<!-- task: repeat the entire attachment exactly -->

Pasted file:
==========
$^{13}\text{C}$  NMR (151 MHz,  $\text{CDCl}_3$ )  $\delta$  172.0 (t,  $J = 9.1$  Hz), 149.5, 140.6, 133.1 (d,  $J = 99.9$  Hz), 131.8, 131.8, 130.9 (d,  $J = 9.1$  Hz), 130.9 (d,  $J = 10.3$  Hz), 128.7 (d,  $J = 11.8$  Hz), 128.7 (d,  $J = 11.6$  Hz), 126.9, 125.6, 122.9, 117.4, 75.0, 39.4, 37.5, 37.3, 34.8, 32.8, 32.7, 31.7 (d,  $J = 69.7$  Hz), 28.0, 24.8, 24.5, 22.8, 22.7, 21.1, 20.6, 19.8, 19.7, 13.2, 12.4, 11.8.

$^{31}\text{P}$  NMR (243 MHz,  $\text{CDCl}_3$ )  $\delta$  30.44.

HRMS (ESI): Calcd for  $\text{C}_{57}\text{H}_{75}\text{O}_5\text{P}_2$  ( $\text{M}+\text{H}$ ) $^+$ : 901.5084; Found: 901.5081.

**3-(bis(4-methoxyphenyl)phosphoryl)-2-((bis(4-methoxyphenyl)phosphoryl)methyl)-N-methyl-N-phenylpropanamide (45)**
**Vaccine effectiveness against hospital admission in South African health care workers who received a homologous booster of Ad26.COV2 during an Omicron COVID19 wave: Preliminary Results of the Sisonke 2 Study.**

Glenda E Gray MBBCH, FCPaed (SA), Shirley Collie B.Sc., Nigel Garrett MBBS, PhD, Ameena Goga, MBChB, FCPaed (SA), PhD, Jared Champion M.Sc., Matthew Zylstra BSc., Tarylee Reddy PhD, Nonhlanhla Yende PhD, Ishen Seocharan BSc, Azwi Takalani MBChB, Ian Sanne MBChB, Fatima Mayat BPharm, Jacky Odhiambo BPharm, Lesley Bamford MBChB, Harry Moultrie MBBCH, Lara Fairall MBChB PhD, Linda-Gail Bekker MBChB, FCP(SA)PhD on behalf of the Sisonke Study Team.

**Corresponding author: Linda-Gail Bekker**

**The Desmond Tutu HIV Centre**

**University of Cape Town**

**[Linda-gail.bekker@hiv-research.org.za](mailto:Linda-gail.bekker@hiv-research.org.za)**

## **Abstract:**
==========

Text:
$^{13}\text{C}$  NMR (151 MHz,  $\text{CDCl}_3$ )  $\delta$  172.0 (t,  $J = 9.1$  Hz), 149.5, 140.6, 133.1 (d,  $J = 99.9$  Hz), 131.8, 131.8, 130.9 (d,  $J = 9.1$  Hz), 130.9 (d,  $J = 10.3$  Hz), 128.7 (d,  $J = 11.8$  Hz), 128.7 (d,  $J = 11.6$  Hz), 126.9, 125.6, 122.9, 117.4, 75.0, 39.4, 37.5, 37.3, 34.8, 32.8, 32.7, 31.7 (d,  $J = 69.7$  Hz), 28.0, 24.8, 24.5, 22.8, 22.7, 21.1, 20.6, 19.8, 19.7, 13.2, 12.4, 11.8.

$^{31}\text{P}$  NMR (243 MHz,  $\text{CDCl}_3$ )  $\delta$  30.44.

HRMS (ESI): Calcd for  $\text{C}_{57}\text{H}_{75}\text{O}_5\text{P}_2$  ( $\text{M}+\text{H}$ ) $^+$ : 901.5084; Found: 901.5081.

**3-(bis(4-methoxyphenyl)phosphoryl)-2-((bis(4-methoxyphenyl)phosphoryl)methyl)-N-methyl-N-phenylpropanamide (45)**
**Vaccine effectiveness against hospital admission in South African health care workers who received a homologous booster of Ad26.COV2 during an Omicron COVID19 wave: Preliminary Results of the Sisonke 2 Study.**

Glenda E Gray MBBCH, FCPaed (SA), Shirley Collie B.Sc., Nigel Garrett MBBS, PhD, Ameena Goga, MBChB, FCPaed (SA), PhD, Jared Champion M.Sc., Matthew Zylstra BSc., Tarylee Reddy PhD, Nonhlanhla Yende PhD, Ishen Seocharan BSc, Azwi Takalani MBChB, Ian Sanne MBChB, Fatima Mayat BPharm, Jacky Odhiambo BPharm, Lesley Bamford MBChB, Harry Moultrie MBBCH, Lara Fairall MBChB PhD, Linda-Gail Bekker MBChB, FCP(SA)PhD on behalf of the Sisonke Study Team.

**Corresponding author: Linda-Gail Bekker**

**The Desmond Tutu HIV Centre**

**University of Cape Town**

**[Linda-gail.bekker@hiv-research.org.za](mailto:Linda-gail.bekker@hiv-research.org.za)**

## **Abstract:**